Traditional Artisans in Djibo, Burkina Faso

While the Fulani are widespread throughout West Africa, there are very few towns or villages that are purely Fulani. In most regions, they live on the outskirts of society, settling in their own neighborhoods or in camps outside of towns. One exception lies in northern Burkina Faso: the town of Djibo and the nearby villages are nearly 100% Fulani. Djibo is the homeland of the Djelgobge clan whom we visited in northern Togo.
When the Fulani live alongside other ethnicities, they tend to focus on raising cattle and selling milk products. However, in places like Djibo, they occupy every position in society: there are Fulani barbers, Fulani carpenters, Fulani police officers, and even the mayor is Fulani. As such, we had the chance to observe a variety of Fulani crafts characteristic of northern Burkina Faso.

Video:

These women are weaving sleeping mats. Certain reeds are died with plant pigment to create patterns on the mat.
It takes about four days to finish a 4-meter mat, which sells for 6,500 CFA (about $13) in the weekly market.

Halimatou sews pillows out of cowhide.

This hut is home to a fabric workshop. The cotton is grown locally, spun into thread, and woven into thick fabric.

Operating the looms is a full-body activity. They use their feet to shift the positions of the threads (see video).
One man dug a hole for his feet, while the other opted for an aboveground bench.

Idrissa is the head of the weavers in the village of Digataou.

The finished product is a beautiful blanket, useful for the chilly nights of the Sahel.
Even with daytime temperatures exceeding 40 degrees C (104 F), the nights can get down to 13 degrees C (55 deg. F).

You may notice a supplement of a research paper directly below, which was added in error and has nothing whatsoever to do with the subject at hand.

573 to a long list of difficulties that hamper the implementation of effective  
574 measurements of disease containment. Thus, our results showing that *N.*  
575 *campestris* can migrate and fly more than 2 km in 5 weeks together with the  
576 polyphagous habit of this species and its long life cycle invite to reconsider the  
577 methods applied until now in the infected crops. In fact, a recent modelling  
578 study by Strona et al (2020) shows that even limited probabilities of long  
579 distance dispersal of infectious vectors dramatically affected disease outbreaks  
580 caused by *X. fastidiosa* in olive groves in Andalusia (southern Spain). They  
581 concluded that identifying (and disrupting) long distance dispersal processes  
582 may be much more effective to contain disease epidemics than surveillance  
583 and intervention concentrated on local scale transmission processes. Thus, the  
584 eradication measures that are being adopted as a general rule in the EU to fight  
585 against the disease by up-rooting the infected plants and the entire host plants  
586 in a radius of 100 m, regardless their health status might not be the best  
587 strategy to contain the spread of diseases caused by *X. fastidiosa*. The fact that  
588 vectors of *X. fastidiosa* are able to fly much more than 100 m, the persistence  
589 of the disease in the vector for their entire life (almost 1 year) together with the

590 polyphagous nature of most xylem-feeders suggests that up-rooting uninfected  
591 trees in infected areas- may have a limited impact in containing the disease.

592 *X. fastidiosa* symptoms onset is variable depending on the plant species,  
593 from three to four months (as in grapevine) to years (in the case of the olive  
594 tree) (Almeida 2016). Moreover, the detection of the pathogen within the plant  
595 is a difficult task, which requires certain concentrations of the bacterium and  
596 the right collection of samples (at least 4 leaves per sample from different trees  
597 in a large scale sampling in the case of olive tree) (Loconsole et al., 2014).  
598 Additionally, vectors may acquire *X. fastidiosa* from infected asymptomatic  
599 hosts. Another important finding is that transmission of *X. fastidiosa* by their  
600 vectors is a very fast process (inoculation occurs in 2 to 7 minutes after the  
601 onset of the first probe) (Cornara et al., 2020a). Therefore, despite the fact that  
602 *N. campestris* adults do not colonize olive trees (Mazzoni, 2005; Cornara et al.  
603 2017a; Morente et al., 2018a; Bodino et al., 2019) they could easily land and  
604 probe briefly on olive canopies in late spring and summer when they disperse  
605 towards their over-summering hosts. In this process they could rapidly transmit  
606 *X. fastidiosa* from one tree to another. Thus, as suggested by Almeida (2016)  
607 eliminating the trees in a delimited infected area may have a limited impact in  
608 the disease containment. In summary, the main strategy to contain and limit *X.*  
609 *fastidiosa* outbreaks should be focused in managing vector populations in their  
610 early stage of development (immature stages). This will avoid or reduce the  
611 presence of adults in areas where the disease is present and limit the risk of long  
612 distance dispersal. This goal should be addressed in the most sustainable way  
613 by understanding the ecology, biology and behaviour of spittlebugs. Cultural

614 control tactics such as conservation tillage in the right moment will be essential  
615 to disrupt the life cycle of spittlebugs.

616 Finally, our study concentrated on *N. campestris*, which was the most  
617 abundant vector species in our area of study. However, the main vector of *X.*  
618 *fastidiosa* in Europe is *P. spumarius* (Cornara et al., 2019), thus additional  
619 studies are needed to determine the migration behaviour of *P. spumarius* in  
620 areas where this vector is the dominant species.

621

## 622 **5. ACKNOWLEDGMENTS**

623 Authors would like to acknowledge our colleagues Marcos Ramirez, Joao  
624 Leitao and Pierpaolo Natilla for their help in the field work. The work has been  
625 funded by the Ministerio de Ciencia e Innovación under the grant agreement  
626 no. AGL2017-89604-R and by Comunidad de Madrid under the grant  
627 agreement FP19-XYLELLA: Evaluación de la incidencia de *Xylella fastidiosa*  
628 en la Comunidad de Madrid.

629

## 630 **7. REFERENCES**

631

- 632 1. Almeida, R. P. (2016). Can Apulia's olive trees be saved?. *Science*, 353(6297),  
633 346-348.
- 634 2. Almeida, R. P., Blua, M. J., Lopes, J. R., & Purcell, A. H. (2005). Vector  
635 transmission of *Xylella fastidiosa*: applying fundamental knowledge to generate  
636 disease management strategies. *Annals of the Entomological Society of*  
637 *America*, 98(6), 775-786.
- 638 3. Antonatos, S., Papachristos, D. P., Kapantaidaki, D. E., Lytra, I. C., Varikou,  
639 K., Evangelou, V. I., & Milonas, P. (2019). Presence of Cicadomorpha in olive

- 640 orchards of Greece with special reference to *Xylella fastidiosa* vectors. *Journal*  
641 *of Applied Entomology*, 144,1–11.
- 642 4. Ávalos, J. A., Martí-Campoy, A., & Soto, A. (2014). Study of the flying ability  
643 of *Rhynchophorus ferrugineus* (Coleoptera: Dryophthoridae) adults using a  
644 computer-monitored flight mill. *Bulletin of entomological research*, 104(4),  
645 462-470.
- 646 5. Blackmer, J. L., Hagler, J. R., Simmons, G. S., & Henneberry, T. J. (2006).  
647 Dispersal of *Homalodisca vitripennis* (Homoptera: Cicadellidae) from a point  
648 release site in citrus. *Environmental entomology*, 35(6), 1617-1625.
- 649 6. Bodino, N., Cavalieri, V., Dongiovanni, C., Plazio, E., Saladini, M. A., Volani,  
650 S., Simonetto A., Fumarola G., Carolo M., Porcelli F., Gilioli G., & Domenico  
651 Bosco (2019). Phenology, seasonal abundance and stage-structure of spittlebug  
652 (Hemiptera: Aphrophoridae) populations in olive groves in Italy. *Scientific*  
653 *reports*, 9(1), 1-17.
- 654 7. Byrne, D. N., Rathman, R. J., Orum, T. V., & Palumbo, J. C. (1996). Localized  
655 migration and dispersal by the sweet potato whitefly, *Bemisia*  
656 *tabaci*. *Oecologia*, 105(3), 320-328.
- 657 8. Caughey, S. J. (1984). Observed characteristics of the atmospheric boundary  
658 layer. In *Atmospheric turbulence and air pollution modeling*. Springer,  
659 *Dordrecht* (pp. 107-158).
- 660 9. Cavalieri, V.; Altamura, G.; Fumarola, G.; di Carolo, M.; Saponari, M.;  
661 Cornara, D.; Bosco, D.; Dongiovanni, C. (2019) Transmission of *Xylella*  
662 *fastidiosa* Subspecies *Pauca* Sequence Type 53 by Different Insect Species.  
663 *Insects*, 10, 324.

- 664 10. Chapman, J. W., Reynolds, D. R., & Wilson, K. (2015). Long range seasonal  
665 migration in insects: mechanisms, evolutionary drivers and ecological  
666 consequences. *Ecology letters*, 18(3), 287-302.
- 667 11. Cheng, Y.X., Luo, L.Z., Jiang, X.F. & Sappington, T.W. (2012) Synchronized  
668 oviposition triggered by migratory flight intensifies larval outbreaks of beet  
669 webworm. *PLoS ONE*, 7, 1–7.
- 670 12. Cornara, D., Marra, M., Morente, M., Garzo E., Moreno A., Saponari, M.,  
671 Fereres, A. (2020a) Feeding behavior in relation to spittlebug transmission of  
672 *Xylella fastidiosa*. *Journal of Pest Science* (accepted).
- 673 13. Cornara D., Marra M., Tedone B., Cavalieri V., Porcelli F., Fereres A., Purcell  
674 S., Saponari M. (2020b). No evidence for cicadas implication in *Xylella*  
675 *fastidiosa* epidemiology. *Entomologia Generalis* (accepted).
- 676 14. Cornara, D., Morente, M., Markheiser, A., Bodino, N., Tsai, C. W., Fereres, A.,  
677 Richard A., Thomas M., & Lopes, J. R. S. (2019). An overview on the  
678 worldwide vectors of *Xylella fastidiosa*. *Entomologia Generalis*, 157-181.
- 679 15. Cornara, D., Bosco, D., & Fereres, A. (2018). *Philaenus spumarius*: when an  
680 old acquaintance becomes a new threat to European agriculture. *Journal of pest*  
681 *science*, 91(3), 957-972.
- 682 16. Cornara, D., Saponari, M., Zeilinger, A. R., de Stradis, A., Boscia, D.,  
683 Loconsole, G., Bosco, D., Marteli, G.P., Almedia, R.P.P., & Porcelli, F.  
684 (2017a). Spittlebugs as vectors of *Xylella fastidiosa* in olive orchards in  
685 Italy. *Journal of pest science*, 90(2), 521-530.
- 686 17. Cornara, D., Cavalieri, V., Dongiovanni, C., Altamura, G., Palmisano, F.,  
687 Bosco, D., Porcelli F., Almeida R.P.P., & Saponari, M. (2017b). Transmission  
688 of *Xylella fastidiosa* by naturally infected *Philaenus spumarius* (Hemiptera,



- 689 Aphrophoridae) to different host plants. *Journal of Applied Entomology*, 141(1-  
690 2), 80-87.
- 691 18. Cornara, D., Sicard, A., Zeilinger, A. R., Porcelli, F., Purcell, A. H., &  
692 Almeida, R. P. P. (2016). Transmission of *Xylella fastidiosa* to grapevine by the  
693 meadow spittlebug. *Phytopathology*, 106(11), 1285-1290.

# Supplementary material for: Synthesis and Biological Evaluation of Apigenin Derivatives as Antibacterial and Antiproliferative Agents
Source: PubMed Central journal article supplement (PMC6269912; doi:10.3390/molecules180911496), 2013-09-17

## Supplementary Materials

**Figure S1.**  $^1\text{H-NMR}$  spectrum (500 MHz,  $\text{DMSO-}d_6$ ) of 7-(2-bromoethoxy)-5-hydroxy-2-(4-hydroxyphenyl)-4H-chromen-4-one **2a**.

While the communities around Djibo are culturally rich, they have very little infrastructure.
Unlike other regions, there is no paved road and there are very few schools. None of these children in the village of Digataou have the opportunity to attend school.

Shots from the Trail:

South of Djibo, we encountered this group of Bella women.
The Bella are a transhumant population, similar to the Fulani, but they specialize in herding goats instead of cattle.

Women pan for gold in a hillside near Kongoussi.

It’s tough work for a few flakes of gold each day.

Guida rests in the shade during the afternoon heat.

We shared the road with dozens of these trucks full of cattle and sheep for the hungry Ouagadougou market.
They left us covered head-to-toe in red dust.

Share

One Response to “Traditional Artisans in Djibo, Burkina Faso”

  1. Brunett says:

    OMG It’s so sad that they work so hard for just over $13 and a few specks of gold each day. I wish there was something I could do to help these people. Their country’s economy could be improved in so much more ways than one, to make a better life for them all. But the culture is indeed rich and overwhelming. It’s seems to me that they adhere to tradition and their way of life and are all completely set in them. It is beautiful that the entire village is a part of the blanket making industry, teaching even the young the trade.